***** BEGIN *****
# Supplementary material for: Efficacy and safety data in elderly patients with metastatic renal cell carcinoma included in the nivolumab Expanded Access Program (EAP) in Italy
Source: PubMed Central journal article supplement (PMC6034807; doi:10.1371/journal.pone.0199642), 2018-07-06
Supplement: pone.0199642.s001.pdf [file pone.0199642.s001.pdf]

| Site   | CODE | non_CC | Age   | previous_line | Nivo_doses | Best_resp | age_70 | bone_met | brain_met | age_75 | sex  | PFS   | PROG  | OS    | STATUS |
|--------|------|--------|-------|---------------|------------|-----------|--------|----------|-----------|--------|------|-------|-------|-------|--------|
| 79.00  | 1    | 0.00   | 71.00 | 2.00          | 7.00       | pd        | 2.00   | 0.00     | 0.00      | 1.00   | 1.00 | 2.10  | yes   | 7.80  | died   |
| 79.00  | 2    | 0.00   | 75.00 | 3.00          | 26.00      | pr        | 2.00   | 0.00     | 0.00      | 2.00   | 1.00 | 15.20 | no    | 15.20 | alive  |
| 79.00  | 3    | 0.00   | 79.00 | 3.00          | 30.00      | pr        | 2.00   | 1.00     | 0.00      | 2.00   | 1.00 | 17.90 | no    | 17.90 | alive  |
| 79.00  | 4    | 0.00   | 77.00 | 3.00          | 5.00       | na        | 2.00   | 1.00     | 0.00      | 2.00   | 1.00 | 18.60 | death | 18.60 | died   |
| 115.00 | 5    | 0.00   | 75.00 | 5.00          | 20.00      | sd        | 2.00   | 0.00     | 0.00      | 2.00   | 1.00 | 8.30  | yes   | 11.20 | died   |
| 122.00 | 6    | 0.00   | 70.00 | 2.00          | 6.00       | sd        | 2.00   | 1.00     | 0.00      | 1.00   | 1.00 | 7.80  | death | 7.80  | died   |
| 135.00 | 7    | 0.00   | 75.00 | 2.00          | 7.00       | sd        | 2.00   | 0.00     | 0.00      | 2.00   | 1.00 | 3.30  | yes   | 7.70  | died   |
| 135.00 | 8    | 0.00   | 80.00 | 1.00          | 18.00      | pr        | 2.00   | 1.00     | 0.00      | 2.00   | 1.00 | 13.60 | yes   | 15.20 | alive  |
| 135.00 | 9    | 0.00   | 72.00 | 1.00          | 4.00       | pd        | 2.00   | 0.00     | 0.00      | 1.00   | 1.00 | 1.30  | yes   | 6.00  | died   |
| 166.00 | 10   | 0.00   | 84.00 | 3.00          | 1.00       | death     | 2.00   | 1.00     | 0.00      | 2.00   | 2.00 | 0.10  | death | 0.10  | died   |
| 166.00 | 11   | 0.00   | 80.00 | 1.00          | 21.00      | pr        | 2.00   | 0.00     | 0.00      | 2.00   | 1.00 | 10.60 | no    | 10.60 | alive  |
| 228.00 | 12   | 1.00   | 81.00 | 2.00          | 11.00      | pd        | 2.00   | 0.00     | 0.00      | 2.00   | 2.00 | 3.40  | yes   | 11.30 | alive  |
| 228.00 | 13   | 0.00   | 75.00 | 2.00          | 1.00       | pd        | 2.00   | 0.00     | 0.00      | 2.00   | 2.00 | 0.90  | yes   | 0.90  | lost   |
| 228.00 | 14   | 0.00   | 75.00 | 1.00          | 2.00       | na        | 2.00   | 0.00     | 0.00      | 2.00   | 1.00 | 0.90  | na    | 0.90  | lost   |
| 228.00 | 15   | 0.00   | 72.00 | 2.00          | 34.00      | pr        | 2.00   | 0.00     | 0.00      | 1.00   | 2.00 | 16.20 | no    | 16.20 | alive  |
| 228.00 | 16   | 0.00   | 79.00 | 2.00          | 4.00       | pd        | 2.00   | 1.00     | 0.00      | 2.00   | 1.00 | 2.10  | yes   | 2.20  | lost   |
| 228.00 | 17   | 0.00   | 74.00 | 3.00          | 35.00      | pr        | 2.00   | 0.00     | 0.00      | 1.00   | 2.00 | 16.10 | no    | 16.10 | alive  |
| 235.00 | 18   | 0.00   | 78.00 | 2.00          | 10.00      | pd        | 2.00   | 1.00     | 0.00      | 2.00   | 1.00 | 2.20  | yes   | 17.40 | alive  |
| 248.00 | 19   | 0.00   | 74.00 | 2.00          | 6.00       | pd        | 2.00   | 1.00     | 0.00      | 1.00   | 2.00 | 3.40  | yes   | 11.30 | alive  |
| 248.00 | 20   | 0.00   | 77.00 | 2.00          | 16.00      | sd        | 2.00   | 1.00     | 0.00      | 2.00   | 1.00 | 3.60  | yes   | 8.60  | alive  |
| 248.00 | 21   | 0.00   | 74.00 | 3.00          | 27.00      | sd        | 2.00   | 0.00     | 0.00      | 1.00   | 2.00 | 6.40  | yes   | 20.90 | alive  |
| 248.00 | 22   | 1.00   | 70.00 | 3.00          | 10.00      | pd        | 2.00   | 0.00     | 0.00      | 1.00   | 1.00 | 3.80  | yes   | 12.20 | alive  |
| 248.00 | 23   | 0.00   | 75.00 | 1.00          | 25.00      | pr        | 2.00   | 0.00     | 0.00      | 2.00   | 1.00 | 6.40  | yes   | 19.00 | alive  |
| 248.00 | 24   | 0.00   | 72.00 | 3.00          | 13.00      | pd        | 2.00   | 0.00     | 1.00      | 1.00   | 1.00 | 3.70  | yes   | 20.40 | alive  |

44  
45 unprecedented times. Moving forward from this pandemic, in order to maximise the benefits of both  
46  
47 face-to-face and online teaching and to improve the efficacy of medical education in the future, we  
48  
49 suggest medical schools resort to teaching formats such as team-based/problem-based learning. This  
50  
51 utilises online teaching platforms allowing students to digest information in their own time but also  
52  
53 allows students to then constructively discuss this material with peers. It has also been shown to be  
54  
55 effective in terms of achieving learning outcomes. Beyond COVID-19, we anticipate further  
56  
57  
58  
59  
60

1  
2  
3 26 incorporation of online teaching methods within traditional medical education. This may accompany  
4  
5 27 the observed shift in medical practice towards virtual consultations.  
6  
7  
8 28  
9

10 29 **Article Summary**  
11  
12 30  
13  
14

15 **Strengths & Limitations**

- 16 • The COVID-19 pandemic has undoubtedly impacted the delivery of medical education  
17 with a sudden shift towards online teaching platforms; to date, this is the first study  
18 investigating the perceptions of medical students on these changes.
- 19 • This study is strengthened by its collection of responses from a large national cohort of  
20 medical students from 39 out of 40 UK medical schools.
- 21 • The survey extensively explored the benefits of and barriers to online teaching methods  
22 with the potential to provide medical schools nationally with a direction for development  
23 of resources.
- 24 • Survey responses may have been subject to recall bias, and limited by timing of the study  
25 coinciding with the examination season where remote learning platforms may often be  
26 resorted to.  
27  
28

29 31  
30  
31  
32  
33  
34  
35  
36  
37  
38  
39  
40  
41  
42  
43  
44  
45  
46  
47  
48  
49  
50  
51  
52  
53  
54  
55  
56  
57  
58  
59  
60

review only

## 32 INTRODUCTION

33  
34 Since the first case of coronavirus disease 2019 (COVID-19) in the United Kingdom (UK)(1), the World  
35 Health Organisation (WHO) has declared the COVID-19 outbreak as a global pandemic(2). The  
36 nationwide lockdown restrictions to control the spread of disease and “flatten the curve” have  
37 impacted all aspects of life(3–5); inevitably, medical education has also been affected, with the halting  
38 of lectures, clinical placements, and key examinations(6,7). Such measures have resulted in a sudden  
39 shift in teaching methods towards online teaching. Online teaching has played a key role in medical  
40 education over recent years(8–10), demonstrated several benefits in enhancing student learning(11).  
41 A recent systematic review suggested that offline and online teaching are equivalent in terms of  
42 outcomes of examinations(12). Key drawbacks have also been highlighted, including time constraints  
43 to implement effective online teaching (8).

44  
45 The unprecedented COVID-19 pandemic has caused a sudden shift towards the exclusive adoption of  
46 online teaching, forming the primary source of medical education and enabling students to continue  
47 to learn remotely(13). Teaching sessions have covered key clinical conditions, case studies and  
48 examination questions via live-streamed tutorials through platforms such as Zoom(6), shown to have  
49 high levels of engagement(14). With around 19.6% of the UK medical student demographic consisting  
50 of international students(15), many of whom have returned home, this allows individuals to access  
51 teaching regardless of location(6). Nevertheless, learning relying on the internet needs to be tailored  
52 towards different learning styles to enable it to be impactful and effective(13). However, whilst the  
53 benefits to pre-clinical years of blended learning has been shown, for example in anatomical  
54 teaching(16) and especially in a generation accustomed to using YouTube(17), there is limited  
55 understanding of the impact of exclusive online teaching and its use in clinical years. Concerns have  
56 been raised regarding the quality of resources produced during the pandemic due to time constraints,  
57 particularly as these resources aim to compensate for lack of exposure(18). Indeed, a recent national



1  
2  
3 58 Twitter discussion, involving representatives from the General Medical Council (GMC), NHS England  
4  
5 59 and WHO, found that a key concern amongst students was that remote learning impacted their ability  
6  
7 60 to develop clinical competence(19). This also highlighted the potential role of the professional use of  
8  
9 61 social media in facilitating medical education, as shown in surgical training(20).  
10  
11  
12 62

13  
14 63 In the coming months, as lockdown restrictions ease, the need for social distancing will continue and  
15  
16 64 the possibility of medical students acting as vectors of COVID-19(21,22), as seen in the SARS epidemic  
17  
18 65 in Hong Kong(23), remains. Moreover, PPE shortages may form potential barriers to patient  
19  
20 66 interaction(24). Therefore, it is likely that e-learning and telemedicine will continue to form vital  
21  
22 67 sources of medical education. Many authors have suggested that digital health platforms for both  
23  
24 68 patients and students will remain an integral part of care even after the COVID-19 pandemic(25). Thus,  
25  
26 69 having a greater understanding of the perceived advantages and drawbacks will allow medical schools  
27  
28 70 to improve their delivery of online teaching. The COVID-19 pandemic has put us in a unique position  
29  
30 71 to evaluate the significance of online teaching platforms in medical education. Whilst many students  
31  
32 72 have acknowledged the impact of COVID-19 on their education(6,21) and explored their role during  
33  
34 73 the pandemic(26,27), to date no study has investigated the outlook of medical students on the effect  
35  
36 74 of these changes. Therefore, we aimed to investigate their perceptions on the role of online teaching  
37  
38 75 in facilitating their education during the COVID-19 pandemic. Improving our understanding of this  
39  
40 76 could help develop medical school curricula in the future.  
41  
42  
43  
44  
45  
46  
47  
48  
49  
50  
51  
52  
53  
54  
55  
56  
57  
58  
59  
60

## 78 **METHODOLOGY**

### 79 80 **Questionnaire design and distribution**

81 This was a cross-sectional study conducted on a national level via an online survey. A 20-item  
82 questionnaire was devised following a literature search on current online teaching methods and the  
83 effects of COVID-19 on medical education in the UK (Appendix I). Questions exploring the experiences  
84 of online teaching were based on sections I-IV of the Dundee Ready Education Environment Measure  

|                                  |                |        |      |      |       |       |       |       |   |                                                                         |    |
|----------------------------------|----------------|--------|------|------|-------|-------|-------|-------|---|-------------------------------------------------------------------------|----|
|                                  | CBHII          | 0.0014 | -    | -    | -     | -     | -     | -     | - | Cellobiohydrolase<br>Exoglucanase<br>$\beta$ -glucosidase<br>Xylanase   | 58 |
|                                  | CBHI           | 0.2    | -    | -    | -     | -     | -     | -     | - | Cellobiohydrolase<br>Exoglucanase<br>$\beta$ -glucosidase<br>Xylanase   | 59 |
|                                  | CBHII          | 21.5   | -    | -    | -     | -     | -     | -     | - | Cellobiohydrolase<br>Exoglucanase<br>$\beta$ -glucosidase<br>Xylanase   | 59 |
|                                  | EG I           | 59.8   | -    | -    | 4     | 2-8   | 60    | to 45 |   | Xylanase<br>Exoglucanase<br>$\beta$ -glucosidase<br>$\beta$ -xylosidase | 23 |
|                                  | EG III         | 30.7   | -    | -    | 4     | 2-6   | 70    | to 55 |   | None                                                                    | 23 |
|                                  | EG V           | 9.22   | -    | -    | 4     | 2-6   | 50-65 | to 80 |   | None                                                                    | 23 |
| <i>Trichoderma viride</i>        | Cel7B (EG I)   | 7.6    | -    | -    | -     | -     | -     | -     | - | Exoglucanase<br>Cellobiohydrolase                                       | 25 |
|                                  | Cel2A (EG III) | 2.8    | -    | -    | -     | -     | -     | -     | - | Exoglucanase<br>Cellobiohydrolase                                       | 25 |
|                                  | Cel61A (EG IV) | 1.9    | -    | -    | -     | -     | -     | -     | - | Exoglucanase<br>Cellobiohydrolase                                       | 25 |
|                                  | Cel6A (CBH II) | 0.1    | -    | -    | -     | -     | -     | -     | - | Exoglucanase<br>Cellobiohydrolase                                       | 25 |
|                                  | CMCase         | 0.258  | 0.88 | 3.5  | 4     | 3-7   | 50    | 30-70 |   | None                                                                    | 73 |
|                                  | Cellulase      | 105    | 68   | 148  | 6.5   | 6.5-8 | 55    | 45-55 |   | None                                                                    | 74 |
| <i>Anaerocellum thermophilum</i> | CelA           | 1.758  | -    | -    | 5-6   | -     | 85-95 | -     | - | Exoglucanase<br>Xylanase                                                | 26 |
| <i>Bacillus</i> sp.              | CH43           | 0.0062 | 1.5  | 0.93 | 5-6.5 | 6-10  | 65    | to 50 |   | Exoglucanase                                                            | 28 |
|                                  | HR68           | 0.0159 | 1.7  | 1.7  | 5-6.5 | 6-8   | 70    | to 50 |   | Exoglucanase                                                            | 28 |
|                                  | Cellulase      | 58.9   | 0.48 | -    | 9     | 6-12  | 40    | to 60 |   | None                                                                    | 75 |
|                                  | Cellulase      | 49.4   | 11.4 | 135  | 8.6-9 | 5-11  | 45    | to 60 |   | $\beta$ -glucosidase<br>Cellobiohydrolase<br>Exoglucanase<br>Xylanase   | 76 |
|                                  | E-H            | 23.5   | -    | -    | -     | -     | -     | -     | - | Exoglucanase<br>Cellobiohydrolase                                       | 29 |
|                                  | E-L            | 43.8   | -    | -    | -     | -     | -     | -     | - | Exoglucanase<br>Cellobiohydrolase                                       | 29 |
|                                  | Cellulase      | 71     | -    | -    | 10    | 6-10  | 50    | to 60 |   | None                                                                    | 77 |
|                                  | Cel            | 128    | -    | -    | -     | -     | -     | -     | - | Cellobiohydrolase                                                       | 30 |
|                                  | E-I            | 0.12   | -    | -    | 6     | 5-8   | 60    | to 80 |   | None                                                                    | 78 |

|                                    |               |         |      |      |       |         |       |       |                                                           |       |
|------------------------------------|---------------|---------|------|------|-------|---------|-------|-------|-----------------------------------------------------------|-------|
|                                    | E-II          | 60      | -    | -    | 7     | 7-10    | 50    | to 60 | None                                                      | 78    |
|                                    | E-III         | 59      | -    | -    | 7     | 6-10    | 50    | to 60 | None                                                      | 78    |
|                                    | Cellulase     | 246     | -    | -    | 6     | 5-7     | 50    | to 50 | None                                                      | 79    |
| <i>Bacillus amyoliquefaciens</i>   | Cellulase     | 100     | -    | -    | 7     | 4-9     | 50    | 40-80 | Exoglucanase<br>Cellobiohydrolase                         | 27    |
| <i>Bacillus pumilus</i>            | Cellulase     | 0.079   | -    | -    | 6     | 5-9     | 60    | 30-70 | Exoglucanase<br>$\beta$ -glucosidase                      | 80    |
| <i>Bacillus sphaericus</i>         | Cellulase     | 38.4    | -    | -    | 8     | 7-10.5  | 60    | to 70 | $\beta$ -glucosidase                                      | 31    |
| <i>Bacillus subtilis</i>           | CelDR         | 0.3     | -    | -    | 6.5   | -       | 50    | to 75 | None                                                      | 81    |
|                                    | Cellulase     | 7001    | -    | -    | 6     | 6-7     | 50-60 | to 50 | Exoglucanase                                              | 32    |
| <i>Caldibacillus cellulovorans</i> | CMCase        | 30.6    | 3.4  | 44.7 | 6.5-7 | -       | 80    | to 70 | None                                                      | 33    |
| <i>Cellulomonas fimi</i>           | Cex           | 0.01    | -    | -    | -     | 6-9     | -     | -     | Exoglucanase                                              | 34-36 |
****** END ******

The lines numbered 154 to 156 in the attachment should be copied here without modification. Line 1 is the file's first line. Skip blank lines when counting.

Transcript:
21  
22 67 sources of medical education. Many authors have suggested that digital health platforms for both  
23  